Fish stock biomass can be difficult to assess directly. This is because different species react differently when encountering a fishing net; some species are more easily caught than others, and can therefore seem more abundant. Moreover some species, for example mackerel, cannot be detected and differentiated acoustically because they lack a swim-bladder.
One potential solution is to take advantage of the fact that many commercially important fish and shellfish species shed eggs directly into the seawater. These eggs spend a period drifting in the plankton before hatching into fish larvae. By assuming that eggs and larvae are easier to sample without bias than the adults, and that numbers of eggs and larvae are proportional to adult population size, then we have a means to estimate stock size.
How is an Egg Survey Conducted?
The pan-European egg surveys for mackerel and horse-mackerel have been conducted every three years along the western continental shelf edge since 1977. The egg data, collected using a plankton sampler on a number of research vessels, is converted into numbers of eggs spawned per m2 of seabed per day. This data is used to estimate the total annual egg production throughout the entire spawning season (Fig. 1). This is calculated using a range of different model formulations. Adult fish are also captured by trawl during the egg surveys, and the relationship between female weight and the number of eggs (fecundity) she will produce is ascertained.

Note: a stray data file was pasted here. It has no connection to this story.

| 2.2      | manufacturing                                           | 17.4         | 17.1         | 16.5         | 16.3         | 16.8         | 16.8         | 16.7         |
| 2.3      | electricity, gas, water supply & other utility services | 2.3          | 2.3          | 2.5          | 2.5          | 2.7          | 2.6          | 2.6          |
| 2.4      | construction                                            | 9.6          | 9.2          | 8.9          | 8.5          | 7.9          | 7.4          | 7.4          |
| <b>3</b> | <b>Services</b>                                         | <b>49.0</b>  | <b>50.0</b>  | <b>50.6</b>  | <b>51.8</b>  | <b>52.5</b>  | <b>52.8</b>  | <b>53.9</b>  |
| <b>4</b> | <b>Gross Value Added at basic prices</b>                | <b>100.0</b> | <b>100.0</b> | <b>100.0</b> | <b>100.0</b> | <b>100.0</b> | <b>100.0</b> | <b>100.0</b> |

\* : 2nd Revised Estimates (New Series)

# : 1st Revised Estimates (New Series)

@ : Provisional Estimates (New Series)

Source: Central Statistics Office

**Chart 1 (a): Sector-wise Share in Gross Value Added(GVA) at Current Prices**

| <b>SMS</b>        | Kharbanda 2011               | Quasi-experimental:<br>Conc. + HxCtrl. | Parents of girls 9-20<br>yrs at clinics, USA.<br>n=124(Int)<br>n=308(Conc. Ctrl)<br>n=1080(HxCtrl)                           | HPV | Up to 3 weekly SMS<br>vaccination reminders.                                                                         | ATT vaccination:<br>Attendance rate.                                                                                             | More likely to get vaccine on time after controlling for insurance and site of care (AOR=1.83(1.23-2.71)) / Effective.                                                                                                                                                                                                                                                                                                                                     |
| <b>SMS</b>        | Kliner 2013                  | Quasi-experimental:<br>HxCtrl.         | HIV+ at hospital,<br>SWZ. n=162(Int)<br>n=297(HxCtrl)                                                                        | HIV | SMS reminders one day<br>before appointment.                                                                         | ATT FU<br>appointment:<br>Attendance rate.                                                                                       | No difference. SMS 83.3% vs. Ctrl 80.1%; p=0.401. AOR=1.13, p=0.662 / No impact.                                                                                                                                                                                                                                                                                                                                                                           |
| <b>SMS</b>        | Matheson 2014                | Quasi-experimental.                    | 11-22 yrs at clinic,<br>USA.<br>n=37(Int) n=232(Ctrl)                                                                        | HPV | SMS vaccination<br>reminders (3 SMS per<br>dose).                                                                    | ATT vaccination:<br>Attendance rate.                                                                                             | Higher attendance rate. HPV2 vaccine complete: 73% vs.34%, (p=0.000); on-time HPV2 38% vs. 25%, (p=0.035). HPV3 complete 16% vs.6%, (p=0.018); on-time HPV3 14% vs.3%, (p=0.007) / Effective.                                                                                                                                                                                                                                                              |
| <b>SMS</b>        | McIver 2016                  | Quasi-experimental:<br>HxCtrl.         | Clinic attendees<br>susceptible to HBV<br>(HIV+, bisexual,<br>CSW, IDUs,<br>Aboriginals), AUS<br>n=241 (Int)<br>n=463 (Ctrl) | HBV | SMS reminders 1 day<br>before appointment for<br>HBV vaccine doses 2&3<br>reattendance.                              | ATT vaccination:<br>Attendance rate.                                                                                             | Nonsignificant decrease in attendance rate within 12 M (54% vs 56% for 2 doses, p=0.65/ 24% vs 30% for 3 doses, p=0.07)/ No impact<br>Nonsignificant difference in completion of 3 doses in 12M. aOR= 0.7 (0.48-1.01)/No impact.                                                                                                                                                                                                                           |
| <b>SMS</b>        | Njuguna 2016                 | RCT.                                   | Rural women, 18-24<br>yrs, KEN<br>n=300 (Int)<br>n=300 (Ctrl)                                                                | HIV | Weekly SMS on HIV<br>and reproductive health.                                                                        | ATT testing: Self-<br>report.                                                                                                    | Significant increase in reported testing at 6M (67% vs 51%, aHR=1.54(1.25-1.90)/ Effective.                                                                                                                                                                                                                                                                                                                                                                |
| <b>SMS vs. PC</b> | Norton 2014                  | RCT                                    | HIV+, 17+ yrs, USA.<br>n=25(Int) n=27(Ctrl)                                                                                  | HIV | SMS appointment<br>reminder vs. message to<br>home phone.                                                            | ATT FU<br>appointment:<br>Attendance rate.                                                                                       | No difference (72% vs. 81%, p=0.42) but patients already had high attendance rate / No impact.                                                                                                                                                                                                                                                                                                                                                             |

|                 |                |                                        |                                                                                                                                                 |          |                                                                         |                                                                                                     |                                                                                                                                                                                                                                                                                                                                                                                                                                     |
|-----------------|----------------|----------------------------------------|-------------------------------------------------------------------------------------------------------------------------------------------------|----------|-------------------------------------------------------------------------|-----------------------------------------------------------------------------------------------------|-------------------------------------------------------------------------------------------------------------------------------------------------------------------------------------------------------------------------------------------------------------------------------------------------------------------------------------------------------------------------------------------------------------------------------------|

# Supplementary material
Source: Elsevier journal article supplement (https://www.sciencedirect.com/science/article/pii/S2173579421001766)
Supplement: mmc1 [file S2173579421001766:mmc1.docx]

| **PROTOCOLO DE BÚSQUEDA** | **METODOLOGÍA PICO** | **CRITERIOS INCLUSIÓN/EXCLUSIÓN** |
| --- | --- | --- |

On this map, blue = <5 eggs, yellow = >58 <250 eggs, red = >250 eggs
What the Surveys Tell Us
This fecundity measurement then makes it possible to make an estimate of the entire female biomass from the egg abundance data, and hence that of the entire stock (by assuming a 1:1 sex-ratio).